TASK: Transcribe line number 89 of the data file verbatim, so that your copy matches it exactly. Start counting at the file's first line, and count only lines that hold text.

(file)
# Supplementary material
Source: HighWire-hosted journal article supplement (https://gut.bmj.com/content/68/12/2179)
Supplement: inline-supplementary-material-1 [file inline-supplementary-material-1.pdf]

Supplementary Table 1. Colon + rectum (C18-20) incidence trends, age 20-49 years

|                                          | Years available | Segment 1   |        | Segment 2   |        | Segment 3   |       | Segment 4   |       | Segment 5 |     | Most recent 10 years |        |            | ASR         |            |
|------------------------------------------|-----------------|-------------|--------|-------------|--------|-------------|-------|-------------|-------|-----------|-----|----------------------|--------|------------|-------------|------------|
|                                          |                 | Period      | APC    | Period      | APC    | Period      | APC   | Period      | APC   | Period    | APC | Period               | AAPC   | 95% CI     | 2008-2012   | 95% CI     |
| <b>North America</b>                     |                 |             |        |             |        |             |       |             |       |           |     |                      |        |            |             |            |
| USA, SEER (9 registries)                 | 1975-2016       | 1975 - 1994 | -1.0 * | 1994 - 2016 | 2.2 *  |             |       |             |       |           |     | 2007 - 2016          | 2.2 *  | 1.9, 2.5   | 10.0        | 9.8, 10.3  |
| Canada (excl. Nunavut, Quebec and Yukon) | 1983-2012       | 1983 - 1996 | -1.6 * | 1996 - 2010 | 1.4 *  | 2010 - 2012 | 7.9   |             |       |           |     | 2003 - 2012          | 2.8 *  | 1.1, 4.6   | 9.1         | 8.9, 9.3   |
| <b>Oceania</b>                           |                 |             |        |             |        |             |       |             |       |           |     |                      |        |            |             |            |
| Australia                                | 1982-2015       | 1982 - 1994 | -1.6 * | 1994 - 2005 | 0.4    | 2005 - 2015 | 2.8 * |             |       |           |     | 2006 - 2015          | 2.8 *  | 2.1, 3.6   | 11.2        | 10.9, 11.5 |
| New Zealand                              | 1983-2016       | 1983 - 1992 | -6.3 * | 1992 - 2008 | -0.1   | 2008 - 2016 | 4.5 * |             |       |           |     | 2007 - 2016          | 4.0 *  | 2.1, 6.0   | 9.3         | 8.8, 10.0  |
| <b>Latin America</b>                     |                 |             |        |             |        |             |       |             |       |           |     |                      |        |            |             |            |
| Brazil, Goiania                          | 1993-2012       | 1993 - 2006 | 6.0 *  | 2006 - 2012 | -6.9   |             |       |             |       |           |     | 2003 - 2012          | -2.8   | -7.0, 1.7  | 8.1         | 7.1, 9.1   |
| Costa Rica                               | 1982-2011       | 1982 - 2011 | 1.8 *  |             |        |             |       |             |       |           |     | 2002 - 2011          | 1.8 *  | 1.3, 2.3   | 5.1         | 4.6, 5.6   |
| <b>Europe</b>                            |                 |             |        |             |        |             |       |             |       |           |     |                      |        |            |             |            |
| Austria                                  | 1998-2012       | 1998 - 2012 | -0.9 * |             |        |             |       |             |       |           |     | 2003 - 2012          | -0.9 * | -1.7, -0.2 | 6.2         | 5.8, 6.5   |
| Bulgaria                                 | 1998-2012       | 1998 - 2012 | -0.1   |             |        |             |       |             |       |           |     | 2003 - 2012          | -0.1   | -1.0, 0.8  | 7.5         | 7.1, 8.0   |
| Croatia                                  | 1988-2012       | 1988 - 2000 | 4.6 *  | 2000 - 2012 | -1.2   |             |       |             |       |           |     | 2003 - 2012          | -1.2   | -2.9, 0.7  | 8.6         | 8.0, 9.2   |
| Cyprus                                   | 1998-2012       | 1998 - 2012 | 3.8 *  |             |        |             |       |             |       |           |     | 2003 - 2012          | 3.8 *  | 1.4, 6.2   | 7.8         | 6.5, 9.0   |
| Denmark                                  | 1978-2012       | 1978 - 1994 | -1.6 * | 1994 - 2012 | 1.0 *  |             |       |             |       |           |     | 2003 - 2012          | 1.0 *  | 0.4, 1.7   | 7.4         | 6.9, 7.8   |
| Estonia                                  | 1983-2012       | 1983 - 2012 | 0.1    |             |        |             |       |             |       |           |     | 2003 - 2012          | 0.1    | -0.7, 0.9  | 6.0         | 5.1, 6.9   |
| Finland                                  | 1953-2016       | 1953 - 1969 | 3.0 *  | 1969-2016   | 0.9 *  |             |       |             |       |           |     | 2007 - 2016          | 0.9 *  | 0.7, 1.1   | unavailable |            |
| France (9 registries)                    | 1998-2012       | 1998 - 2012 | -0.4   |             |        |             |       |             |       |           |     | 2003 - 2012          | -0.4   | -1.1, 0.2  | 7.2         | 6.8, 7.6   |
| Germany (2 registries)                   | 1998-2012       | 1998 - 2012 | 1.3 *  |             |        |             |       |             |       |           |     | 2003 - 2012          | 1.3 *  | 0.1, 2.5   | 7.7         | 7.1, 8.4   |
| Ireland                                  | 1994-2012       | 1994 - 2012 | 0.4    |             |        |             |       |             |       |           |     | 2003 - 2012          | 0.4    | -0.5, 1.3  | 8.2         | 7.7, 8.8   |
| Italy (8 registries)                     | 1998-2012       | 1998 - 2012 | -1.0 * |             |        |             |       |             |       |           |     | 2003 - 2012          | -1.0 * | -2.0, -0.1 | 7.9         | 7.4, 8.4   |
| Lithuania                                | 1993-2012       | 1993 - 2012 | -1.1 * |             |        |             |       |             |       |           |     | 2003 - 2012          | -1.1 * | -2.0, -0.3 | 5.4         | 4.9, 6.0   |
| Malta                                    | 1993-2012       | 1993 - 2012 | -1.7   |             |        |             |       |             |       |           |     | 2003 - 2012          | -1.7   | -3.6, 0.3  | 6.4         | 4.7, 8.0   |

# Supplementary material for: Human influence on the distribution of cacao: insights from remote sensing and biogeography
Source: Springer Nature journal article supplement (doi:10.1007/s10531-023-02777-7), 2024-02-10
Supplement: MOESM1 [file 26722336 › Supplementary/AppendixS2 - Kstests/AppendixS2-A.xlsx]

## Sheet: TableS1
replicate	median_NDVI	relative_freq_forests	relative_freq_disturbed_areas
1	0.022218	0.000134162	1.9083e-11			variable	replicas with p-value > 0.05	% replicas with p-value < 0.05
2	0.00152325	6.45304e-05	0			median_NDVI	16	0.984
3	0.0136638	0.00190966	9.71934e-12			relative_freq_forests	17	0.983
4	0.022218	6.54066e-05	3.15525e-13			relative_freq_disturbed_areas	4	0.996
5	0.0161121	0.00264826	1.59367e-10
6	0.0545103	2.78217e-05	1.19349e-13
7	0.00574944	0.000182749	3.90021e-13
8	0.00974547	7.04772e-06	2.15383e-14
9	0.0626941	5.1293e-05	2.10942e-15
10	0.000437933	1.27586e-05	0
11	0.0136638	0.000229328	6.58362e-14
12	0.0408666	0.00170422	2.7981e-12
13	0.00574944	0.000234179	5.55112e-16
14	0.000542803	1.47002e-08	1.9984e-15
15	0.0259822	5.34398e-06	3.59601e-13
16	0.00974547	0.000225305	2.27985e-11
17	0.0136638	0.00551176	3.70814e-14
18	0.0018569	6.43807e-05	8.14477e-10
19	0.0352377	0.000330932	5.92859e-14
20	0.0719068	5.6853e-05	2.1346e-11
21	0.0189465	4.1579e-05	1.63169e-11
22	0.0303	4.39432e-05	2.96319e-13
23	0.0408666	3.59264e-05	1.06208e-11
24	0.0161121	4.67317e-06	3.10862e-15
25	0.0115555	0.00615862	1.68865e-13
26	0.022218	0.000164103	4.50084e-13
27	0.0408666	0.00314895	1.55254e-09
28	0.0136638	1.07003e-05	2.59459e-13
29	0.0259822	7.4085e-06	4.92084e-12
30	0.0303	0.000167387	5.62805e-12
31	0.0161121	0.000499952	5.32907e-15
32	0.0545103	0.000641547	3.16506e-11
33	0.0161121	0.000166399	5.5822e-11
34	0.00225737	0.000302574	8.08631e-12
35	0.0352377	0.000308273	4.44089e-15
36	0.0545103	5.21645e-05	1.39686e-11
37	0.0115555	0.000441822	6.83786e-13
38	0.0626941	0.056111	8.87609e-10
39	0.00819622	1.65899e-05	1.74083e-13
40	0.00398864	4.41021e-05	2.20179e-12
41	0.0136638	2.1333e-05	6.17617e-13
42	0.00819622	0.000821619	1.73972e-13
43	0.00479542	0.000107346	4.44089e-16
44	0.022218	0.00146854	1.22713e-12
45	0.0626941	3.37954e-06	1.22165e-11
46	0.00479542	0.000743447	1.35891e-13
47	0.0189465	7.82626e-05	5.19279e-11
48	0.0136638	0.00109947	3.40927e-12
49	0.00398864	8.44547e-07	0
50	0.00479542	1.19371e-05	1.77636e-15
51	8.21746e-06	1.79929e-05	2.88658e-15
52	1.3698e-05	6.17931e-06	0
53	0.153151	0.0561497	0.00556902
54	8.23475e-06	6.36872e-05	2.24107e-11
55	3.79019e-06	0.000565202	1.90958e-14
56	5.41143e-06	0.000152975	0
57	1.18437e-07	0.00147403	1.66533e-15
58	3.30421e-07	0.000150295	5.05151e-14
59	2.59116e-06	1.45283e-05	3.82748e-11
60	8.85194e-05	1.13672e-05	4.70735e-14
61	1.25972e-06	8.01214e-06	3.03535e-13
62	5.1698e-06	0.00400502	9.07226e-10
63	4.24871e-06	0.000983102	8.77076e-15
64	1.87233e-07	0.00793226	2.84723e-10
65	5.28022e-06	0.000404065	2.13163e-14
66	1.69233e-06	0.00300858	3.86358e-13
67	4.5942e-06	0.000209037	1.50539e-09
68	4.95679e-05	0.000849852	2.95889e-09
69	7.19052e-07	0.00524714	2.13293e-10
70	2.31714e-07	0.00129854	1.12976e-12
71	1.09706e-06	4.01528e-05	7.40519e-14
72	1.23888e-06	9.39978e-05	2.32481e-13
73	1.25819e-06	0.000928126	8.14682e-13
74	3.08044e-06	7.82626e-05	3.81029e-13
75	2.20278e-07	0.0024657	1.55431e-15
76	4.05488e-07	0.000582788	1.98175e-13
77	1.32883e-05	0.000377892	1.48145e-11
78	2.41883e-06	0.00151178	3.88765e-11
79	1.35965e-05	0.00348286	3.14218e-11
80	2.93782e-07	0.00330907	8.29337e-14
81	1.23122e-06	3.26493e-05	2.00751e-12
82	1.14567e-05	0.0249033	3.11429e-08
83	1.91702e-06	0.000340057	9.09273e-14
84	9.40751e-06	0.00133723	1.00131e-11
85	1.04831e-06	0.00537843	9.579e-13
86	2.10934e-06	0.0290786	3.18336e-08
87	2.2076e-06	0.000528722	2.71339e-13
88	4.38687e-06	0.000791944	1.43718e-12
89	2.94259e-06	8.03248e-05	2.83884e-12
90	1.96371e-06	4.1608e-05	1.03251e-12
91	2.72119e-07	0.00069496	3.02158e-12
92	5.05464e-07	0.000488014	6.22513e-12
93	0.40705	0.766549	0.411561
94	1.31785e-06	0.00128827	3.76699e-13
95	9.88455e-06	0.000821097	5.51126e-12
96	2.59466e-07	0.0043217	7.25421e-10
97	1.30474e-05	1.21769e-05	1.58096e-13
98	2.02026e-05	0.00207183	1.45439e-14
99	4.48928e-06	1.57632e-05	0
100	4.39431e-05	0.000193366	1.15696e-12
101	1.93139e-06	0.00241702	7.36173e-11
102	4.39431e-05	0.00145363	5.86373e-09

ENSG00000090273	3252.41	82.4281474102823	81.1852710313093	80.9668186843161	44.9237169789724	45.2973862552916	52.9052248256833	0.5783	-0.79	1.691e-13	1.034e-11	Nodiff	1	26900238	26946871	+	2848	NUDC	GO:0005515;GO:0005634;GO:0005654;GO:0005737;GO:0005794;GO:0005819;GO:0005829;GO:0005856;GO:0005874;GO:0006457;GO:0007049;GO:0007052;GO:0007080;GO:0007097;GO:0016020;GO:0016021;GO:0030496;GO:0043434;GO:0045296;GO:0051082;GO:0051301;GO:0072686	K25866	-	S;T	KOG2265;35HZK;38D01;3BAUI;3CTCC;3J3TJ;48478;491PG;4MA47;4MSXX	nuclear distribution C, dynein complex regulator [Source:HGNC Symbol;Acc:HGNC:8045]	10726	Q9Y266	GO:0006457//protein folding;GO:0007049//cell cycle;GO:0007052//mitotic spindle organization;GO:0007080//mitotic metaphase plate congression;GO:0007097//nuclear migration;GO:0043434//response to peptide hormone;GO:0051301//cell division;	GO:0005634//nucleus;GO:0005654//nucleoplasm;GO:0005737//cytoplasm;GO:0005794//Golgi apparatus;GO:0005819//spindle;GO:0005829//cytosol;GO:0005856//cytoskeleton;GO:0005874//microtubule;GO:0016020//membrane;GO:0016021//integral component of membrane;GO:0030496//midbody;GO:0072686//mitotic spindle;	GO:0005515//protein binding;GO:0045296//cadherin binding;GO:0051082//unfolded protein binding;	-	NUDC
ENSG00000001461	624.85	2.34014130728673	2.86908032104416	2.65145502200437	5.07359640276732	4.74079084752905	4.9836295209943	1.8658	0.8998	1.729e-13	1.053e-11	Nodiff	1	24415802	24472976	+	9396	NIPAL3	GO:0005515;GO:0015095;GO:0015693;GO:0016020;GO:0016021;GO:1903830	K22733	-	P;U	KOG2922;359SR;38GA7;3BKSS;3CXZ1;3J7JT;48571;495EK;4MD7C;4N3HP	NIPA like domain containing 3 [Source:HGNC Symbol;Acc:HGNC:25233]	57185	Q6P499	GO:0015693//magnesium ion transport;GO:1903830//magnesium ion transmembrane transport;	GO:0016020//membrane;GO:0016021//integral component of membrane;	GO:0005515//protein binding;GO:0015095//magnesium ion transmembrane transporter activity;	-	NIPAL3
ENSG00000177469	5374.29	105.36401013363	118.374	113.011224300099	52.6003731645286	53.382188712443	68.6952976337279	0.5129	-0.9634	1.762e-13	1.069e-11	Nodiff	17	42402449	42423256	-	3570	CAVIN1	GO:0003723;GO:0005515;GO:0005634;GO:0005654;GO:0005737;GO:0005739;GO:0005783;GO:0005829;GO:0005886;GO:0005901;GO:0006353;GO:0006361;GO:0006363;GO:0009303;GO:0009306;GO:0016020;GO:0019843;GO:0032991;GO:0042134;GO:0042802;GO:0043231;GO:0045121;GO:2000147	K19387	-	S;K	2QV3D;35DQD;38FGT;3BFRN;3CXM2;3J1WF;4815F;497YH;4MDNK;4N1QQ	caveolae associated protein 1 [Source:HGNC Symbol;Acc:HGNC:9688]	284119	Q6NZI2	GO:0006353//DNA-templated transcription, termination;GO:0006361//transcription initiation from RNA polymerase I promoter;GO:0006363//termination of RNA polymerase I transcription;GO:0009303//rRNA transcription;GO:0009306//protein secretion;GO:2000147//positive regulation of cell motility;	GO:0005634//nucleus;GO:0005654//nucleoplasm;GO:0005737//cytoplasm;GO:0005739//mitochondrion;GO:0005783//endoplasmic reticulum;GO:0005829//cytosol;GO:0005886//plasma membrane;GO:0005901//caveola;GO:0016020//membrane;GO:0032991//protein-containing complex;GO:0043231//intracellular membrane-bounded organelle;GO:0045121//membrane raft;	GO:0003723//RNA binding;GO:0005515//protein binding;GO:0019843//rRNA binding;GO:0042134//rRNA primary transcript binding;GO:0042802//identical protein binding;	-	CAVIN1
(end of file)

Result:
54	8.23475e-06	6.36872e-05	2.24107e-11